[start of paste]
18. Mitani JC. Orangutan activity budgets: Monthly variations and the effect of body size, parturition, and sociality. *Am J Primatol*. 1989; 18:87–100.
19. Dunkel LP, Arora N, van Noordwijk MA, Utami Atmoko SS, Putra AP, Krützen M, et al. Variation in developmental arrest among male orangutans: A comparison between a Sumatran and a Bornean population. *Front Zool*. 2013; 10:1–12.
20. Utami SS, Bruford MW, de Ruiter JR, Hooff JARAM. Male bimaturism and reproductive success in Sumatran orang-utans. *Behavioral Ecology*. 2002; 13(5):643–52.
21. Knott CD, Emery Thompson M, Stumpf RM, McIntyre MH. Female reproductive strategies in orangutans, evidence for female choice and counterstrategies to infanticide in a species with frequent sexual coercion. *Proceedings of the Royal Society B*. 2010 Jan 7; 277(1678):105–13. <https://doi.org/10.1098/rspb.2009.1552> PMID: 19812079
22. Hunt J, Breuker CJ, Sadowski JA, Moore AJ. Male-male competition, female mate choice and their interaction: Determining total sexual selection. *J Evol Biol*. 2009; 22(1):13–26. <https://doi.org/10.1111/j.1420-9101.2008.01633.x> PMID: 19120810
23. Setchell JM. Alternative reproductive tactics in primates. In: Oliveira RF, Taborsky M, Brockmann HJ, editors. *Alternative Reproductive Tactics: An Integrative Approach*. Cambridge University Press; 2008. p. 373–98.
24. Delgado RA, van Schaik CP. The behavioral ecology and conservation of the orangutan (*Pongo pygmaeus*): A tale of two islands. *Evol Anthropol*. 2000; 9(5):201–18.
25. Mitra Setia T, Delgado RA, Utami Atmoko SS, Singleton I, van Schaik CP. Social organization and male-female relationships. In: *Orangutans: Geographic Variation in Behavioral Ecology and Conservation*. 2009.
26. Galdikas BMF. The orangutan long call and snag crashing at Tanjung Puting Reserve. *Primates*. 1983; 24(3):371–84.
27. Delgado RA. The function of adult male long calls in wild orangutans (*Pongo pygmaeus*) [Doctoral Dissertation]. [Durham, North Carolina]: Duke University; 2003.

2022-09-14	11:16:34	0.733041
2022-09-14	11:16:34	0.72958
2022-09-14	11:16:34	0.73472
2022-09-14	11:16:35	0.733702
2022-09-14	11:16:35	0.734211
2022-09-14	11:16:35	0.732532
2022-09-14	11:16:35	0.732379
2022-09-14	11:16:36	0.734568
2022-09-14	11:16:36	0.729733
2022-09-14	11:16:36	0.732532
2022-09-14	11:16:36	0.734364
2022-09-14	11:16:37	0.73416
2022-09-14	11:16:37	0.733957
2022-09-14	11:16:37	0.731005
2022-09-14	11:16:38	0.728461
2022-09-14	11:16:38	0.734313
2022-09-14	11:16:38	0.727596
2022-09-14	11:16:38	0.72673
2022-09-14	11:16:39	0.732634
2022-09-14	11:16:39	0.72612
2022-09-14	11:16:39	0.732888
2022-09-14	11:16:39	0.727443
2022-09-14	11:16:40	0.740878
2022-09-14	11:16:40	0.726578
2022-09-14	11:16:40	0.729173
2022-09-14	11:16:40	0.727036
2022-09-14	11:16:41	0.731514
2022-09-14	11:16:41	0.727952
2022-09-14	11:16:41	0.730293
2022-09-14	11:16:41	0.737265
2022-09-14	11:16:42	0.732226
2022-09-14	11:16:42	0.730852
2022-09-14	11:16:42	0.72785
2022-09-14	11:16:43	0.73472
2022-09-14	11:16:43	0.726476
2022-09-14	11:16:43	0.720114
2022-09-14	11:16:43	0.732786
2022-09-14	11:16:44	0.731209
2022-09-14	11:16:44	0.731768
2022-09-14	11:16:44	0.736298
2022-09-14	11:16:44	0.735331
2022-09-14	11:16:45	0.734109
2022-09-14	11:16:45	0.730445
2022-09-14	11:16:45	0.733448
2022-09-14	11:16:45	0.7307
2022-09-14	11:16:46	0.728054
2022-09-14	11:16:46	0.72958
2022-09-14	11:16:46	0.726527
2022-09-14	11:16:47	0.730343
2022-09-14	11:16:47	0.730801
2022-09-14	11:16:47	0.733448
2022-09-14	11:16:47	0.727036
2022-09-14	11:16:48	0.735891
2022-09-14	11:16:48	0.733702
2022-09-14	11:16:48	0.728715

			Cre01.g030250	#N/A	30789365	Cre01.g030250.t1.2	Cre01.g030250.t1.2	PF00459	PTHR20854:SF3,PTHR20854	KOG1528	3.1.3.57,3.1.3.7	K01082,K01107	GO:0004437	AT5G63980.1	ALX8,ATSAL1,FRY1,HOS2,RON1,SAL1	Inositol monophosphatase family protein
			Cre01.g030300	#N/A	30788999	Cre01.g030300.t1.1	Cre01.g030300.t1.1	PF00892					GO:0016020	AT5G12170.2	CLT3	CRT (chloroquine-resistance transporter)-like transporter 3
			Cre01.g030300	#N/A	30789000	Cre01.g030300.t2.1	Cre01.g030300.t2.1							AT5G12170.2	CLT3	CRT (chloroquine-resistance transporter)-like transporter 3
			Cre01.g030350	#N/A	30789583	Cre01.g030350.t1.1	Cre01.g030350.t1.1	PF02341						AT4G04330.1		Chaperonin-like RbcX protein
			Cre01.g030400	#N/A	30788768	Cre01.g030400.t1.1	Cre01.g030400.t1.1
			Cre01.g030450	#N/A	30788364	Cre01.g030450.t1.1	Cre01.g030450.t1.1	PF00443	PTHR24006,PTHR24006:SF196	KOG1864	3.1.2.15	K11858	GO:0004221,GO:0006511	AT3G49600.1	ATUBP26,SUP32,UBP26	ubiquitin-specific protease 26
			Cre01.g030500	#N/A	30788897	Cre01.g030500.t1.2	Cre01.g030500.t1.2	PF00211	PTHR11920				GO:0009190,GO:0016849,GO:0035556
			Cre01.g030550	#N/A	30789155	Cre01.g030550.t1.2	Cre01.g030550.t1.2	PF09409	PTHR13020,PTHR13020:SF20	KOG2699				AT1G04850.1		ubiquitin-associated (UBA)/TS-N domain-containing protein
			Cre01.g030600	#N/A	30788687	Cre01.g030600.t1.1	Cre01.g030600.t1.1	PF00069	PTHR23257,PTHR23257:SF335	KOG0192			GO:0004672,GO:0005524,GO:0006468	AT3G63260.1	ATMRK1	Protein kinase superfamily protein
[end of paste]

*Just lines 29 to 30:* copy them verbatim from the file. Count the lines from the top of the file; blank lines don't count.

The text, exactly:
2022-09-14	11:16:39	0.732634
2022-09-14	11:16:39	0.72612